___U.S.___, 136 S.Ct. 2160 (2016), and further urged the
hearing officer to exclude the evidence from the
administrative suspension hearing. The hearing officer
overruled the objection and admitted the evidence.
(Transcript at 27).
stay of the license suspension was extended until May 20,
2017. The Rule 80C petition was filed on May 18, 2017. The
Petitioner's motion for stay pursuant to 5 M.R.S.
§11004 was denied, after hearing, on May 19, 2017. A
hearing on the Rule 80C appeal was held on December 5, 2017.
Court has frequently reaffirmed the principle that judicial
review of administrative agency decisions is
"deferential and limited." Passadumkeag
Mountain Friends v. Bd. of Envtl. Prot., 2014 ME 116,
¶ 12, 102 A.3d 1181 (quoting Friends of Lincoln
Lakes v. Bd. of Envtl. Prot., 2010 ME 18, ¶ 12, 989
A.2d 1128). The court is not permitted to overturn an
agency's decision "unless it: violates the
Constitution or statutes; exceeds the agency's authority;
is procedurally unlawful; is arbitrary or capricious;
constitutes an abuse of discretion; is affected by bias or
error of law; or is unsupported by the evidence in the
record." Kroger v Departmental of Environmental
Protection, 2005 ME. 50, ¶ 7, 870 A.2d 566. The
party seeking to vacate a state agency decision has the
burden of persuasion on appeal. Anderson v Maine Public
Employees Retirement System, 2009 ME. 134, ¶ 3, 985
A.2d 501. In particular, a party seeking to overturn an
agency's decision bears the burden of showing that
"no competent evidence" supports it. Stein v.
Me. Crim. Justice Academy, 2014 ME 82, ¶ 11, 95
previously observed, the only issue before the court is
whether the hearing officer committed an error of law by
admitting the results of the alcohol analysis of the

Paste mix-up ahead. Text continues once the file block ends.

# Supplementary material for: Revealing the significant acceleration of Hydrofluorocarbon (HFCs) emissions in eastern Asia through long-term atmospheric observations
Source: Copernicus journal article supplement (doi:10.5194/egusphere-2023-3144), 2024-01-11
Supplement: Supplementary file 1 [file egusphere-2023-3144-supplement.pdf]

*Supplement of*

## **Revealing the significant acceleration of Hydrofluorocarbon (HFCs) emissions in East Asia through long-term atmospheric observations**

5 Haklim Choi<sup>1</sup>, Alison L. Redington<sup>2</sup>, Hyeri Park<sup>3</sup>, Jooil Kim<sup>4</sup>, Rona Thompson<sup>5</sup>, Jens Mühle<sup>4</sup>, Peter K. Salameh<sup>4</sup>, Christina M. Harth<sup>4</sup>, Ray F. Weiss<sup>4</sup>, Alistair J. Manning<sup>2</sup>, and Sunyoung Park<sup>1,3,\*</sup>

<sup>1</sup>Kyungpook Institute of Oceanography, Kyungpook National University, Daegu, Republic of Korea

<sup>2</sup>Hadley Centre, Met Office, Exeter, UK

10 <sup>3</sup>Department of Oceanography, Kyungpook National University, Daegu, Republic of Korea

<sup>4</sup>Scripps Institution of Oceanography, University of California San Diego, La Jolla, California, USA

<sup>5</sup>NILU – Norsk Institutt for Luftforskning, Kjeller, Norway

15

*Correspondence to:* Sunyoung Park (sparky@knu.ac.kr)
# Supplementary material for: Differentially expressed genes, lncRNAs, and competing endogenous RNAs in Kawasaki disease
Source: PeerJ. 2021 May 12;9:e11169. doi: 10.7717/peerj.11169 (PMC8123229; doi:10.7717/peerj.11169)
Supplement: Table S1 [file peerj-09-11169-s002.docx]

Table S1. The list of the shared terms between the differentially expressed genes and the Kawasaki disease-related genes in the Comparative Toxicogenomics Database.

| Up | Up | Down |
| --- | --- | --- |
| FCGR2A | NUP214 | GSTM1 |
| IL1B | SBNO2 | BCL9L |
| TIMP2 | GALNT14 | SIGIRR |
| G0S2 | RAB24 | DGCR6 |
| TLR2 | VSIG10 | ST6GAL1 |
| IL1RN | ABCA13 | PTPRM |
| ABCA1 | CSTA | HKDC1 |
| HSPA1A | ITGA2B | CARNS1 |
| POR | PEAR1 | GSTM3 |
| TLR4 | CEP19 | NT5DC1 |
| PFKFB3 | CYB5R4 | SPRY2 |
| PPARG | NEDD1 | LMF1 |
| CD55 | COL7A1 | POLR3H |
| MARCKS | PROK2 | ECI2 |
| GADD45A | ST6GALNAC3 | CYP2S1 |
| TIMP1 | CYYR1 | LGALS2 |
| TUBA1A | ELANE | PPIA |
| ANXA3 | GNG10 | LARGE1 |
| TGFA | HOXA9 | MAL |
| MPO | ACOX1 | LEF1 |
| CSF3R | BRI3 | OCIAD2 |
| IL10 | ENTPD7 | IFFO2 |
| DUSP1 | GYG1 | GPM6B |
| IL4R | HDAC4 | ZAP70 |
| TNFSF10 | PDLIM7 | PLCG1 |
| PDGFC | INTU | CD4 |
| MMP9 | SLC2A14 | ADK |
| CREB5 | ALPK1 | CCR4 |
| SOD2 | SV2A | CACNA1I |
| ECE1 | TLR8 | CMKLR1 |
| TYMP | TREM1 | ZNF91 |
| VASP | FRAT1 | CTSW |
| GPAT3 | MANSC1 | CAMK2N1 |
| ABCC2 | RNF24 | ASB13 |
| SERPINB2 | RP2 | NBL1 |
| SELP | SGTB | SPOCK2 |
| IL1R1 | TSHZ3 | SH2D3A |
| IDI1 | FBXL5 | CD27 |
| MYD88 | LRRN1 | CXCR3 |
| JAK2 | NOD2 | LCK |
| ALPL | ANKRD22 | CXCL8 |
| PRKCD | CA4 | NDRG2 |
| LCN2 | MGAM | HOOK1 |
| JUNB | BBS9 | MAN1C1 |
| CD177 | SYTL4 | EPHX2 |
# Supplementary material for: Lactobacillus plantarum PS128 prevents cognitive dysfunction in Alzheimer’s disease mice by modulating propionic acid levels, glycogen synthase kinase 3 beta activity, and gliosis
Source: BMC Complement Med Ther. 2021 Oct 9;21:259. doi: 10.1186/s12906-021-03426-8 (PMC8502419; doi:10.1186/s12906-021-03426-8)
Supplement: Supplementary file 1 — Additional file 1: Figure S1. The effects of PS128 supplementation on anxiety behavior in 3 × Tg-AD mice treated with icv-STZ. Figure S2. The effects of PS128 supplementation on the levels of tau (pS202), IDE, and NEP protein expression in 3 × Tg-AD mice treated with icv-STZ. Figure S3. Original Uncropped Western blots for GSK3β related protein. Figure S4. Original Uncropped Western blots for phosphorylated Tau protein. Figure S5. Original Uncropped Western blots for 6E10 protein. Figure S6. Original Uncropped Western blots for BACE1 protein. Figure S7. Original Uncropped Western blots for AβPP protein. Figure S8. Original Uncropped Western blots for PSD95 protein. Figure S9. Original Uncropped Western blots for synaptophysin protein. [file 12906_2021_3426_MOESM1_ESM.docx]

Petitioner's blood. In Birchfield v. North
Dakota the Supreme Court indicated that "[o]ur
prior opinions have referred approvingly to the general
concept of implied-consent laws that impose civil penalties
and evidentiary consequences on motorists who refuse to
comply." 136 S.Ct. at 2185. Nevertheless, the Court held
that a motorist cannot be deemed to have consented to the
taking of a blood sample pursuant to a North Dakota law that
required such consent "on pain of committing a criminal
offense." Id. at 2186. In that
Birchfield companion case - Beylund v. Levi
- the Court remanded to the North Dakota courts to
re-evaluate the voluntariness of the defendant's consent
based on the totality of the circumstances.
in a footnote the Court pointed out that on remand the North
Dakota courts would have to determine whether the evidence
should be suppressed "in an administrative rather than
criminal proceeding." 136 S.Ct. at 2186, n. 9. On
remand, the North Dakota Supreme Court followed the majority
approach, including the existing law in Maine, that the
exclusionary rule does not apply to "civil
administrative license suspension proceedings."
Beylund v. Levi, 2017 N.D. 30, ¶ 24, 889 N.W.2d
907 citing Powell v. Secretary of State, 614 A.2d
1303, 1306-07 (Me. 1992).
"implied-consent" statute,  is not the same as the North
Dakota law addressed in Birchfield, 29-A M.R.S.
§2521. Maine's law does not criminalize the refusal
to consent to a chemical test, but it does impose license
suspension and evidentiary consequences for such a refusal.
Whether Maine's statute runs afoul of Birchfield
in terms of the admissibility of evidence in a criminal
proceeding, is now before the Law ...